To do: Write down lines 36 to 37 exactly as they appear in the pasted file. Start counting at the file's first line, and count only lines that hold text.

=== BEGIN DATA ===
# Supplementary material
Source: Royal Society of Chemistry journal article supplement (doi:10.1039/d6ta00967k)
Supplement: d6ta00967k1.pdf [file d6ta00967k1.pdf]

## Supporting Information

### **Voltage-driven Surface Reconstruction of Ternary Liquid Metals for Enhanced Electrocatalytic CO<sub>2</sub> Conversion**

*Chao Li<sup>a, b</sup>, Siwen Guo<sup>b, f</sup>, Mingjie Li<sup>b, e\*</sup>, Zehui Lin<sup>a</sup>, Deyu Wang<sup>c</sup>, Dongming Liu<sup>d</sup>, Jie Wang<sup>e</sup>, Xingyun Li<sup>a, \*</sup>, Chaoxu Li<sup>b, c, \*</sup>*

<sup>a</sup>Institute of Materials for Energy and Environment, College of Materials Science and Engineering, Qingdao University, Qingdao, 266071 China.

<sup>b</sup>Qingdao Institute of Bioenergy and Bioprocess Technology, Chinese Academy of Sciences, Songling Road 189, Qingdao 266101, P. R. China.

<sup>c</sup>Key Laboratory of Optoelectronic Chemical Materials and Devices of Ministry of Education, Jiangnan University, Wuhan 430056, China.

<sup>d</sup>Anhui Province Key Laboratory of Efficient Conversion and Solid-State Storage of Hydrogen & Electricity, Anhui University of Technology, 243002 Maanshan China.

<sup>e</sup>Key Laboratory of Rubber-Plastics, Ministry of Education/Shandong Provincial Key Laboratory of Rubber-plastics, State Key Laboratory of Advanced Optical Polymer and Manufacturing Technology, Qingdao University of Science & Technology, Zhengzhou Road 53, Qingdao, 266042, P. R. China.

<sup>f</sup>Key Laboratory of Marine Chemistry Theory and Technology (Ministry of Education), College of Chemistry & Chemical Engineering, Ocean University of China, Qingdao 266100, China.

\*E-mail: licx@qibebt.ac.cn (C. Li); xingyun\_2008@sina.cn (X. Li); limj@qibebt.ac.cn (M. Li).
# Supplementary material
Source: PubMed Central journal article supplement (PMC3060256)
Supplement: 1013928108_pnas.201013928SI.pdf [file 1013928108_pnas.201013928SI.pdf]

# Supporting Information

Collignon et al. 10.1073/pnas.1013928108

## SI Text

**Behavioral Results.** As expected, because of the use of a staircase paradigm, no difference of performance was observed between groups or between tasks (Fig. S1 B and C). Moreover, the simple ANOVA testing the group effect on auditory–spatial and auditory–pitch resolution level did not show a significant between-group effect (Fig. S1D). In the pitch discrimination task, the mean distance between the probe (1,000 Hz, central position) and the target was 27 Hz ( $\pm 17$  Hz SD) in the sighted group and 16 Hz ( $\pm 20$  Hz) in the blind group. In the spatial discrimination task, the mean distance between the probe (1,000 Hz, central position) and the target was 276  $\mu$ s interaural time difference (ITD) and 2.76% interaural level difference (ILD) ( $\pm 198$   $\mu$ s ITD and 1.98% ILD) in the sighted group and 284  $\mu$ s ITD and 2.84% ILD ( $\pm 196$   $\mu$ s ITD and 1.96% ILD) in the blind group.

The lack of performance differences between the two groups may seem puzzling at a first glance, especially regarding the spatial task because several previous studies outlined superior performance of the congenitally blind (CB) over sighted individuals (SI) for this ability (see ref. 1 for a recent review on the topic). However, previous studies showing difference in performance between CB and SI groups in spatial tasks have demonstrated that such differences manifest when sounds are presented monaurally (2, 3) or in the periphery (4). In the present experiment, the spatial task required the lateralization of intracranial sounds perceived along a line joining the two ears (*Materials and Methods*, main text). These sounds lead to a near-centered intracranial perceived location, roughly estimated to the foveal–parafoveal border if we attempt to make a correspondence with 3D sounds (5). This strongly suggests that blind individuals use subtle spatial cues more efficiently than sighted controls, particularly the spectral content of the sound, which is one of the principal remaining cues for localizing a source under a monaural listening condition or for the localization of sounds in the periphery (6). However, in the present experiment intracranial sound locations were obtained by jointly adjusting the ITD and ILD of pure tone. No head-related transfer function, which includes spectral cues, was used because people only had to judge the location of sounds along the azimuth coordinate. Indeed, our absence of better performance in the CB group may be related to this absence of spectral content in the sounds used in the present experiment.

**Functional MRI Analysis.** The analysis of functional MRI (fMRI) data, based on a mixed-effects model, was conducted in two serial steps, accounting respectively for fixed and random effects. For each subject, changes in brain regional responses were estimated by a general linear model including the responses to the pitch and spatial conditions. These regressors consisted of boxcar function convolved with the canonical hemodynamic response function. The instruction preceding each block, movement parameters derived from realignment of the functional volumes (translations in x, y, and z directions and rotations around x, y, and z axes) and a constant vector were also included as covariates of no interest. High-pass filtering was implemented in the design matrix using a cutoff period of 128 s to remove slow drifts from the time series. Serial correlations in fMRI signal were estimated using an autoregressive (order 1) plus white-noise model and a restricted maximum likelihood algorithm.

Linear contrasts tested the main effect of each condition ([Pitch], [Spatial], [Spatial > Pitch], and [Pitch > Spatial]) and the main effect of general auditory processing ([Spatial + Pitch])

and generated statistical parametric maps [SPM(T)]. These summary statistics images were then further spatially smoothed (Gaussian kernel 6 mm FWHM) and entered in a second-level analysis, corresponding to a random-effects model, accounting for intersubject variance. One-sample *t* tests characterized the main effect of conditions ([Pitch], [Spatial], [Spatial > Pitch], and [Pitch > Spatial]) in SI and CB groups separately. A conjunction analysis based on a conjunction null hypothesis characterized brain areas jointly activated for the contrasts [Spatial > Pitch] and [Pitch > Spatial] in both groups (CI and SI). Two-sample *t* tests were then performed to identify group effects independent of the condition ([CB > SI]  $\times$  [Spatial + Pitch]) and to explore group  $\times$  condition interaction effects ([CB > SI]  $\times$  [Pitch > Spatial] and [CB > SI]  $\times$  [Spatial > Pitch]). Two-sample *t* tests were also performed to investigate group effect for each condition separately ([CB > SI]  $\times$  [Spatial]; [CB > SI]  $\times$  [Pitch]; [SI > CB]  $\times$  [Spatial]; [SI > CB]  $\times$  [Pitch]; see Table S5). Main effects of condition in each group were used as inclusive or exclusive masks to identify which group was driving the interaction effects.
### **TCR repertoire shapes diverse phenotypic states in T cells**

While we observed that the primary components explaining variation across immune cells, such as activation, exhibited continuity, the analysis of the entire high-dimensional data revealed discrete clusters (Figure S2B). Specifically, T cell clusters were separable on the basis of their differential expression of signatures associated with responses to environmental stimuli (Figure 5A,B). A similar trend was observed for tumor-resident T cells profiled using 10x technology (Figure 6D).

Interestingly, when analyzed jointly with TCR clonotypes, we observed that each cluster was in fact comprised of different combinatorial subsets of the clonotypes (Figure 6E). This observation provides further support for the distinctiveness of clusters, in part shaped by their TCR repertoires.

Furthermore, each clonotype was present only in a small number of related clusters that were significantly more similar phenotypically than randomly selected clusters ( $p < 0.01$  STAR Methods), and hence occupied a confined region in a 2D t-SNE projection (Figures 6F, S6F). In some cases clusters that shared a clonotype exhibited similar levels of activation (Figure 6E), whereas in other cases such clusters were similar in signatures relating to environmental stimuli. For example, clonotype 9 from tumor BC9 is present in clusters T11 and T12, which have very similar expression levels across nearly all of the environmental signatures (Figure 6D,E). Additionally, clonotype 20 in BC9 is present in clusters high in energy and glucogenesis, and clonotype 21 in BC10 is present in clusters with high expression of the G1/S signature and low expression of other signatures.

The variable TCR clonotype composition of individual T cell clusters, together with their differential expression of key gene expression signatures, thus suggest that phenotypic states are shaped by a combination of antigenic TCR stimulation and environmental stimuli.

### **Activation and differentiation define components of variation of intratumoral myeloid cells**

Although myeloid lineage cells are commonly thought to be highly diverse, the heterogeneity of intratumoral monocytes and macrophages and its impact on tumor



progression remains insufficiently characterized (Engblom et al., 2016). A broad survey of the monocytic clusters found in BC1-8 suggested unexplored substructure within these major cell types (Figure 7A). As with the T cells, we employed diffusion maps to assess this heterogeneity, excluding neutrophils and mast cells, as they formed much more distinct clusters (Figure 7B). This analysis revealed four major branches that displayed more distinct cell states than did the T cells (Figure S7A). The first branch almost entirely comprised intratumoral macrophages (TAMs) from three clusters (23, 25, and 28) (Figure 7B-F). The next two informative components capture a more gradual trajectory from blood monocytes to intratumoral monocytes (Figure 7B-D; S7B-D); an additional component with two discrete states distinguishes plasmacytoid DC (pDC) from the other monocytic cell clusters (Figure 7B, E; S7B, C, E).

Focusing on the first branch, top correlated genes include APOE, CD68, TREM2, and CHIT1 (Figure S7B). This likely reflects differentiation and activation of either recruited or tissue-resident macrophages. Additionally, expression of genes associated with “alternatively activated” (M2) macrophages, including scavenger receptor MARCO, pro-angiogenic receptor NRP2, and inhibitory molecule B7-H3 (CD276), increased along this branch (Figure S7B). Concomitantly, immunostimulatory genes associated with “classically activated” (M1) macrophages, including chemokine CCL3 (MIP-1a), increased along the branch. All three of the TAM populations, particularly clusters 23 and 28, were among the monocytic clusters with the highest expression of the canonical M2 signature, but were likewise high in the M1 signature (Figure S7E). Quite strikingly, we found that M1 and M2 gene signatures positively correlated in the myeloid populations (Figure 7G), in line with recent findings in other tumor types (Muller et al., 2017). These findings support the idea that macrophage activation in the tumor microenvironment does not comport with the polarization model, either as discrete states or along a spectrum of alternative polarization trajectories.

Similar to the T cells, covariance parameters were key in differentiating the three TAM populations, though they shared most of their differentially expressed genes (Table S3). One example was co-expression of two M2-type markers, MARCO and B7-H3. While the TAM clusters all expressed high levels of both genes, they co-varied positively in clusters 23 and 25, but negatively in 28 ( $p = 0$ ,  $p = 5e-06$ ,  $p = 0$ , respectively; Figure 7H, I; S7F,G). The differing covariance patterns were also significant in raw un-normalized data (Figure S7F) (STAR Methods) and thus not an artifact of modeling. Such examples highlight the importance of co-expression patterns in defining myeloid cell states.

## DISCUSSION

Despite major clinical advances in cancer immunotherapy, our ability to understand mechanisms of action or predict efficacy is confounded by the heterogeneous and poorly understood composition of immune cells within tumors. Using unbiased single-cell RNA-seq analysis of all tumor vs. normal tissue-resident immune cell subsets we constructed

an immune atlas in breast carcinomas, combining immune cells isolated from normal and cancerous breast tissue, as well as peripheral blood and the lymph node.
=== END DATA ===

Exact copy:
Despite major clinical advances in cancer immunotherapy, our ability to understand mechanisms of action or predict efficacy is confounded by the heterogeneous and poorly understood composition of immune cells within tumors. Using unbiased single-cell RNA-seq analysis of all tumor vs. normal tissue-resident immune cell subsets we constructed

an immune atlas in breast carcinomas, combining immune cells isolated from normal and cancerous breast tissue, as well as peripheral blood and the lymph node.